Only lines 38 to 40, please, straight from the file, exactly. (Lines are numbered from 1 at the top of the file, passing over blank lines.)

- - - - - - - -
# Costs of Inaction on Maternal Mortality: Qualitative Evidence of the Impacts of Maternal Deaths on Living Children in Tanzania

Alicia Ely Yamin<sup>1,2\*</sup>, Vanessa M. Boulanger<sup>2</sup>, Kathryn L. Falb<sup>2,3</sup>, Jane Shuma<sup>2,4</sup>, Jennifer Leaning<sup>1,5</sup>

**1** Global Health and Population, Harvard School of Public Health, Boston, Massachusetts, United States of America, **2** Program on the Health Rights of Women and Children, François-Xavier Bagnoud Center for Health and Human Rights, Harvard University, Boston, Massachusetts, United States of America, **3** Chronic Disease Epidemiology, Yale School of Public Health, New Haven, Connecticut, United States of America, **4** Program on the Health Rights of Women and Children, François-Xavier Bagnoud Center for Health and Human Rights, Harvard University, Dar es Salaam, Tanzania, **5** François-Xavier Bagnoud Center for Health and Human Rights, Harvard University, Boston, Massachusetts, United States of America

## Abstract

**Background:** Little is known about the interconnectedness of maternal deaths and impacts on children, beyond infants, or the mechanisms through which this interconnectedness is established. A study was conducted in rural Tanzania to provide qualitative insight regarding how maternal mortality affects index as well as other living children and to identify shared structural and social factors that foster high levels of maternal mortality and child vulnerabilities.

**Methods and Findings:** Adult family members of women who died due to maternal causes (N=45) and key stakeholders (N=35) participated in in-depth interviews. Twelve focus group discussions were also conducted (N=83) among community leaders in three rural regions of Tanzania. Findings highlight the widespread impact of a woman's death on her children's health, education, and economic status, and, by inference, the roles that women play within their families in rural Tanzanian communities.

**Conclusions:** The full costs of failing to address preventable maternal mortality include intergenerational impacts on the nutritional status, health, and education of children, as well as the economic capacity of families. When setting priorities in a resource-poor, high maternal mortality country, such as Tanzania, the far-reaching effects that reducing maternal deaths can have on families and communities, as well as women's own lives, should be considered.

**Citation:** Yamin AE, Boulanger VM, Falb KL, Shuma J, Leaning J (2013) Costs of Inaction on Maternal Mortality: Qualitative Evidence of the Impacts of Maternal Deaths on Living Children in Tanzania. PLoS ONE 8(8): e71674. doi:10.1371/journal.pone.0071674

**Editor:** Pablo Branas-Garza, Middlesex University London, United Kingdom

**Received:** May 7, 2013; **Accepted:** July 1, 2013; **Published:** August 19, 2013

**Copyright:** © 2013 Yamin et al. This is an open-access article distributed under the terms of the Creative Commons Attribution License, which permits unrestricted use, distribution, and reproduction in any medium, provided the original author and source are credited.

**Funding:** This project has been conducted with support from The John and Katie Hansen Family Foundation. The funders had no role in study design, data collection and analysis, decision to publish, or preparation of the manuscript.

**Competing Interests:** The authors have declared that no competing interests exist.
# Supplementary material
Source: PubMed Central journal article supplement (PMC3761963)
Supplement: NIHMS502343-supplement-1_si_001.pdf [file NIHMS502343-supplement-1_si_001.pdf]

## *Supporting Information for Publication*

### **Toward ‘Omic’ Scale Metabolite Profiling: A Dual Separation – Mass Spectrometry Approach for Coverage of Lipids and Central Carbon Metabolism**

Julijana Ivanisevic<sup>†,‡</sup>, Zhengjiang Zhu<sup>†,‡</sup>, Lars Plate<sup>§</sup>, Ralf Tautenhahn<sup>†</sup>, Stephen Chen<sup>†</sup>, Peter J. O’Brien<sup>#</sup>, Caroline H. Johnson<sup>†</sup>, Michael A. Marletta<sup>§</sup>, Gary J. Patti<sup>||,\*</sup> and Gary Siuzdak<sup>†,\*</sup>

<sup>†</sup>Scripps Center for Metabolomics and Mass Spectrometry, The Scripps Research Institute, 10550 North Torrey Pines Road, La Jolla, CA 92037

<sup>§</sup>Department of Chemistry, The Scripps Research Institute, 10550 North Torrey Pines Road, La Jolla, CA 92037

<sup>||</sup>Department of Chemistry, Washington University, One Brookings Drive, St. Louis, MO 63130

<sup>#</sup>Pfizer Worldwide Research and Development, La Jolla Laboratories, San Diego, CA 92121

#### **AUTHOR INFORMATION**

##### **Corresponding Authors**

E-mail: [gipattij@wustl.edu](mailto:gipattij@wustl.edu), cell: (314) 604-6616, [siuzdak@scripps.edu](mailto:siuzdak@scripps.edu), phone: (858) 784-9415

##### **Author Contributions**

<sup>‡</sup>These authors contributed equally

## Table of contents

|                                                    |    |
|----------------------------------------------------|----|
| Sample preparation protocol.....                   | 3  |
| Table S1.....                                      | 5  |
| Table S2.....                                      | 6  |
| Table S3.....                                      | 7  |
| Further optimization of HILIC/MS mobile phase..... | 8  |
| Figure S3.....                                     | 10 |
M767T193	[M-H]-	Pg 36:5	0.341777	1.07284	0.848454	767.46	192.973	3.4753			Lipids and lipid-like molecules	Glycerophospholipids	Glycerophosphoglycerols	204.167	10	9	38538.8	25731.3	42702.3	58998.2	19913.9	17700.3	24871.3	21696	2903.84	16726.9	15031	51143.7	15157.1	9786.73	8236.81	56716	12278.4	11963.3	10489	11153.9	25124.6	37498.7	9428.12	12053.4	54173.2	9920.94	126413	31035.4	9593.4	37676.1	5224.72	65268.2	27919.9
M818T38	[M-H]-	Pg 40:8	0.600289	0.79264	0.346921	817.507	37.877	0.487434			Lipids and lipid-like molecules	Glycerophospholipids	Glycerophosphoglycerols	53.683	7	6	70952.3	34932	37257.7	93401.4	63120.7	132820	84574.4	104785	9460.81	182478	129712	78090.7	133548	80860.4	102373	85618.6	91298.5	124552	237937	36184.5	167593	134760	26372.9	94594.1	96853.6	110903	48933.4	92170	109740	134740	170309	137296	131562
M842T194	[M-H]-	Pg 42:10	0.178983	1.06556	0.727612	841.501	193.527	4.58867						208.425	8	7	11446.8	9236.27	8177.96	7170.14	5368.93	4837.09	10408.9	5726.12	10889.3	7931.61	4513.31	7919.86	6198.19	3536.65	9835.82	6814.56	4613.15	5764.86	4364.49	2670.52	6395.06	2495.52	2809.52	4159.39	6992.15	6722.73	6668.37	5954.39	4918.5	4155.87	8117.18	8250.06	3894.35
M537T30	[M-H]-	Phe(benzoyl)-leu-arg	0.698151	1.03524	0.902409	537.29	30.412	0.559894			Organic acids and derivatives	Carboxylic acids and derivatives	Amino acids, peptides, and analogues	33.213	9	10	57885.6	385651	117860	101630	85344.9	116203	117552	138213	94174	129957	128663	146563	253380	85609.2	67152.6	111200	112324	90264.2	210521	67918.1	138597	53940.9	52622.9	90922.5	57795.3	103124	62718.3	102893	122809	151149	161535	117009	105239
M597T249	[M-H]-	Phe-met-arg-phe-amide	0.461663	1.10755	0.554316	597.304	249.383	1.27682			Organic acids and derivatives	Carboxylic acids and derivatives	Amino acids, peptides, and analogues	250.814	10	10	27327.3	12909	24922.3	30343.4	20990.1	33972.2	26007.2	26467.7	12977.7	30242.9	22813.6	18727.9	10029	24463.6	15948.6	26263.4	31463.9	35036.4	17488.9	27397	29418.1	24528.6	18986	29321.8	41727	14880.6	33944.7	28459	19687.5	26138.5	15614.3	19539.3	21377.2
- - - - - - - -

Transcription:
M767T193	[M-H]-	Pg 36:5	0.341777	1.07284	0.848454	767.46	192.973	3.4753			Lipids and lipid-like molecules	Glycerophospholipids	Glycerophosphoglycerols	204.167	10	9	38538.8	25731.3	42702.3	58998.2	19913.9	17700.3	24871.3	21696	2903.84	16726.9	15031	51143.7	15157.1	9786.73	8236.81	56716	12278.4	11963.3	10489	11153.9	25124.6	37498.7	9428.12	12053.4	54173.2	9920.94	126413	31035.4	9593.4	37676.1	5224.72	65268.2	27919.9
M818T38	[M-H]-	Pg 40:8	0.600289	0.79264	0.346921	817.507	37.877	0.487434			Lipids and lipid-like molecules	Glycerophospholipids	Glycerophosphoglycerols	53.683	7	6	70952.3	34932	37257.7	93401.4	63120.7	132820	84574.4	104785	9460.81	182478	129712	78090.7	133548	80860.4	102373	85618.6	91298.5	124552	237937	36184.5	167593	134760	26372.9	94594.1	96853.6	110903	48933.4	92170	109740	134740	170309	137296	131562
M842T194	[M-H]-	Pg 42:10	0.178983	1.06556	0.727612	841.501	193.527	4.58867						208.425	8	7	11446.8	9236.27	8177.96	7170.14	5368.93	4837.09	10408.9	5726.12	10889.3	7931.61	4513.31	7919.86	6198.19	3536.65	9835.82	6814.56	4613.15	5764.86	4364.49	2670.52	6395.06	2495.52	2809.52	4159.39	6992.15	6722.73	6668.37	5954.39	4918.5	4155.87	8117.18	8250.06	3894.35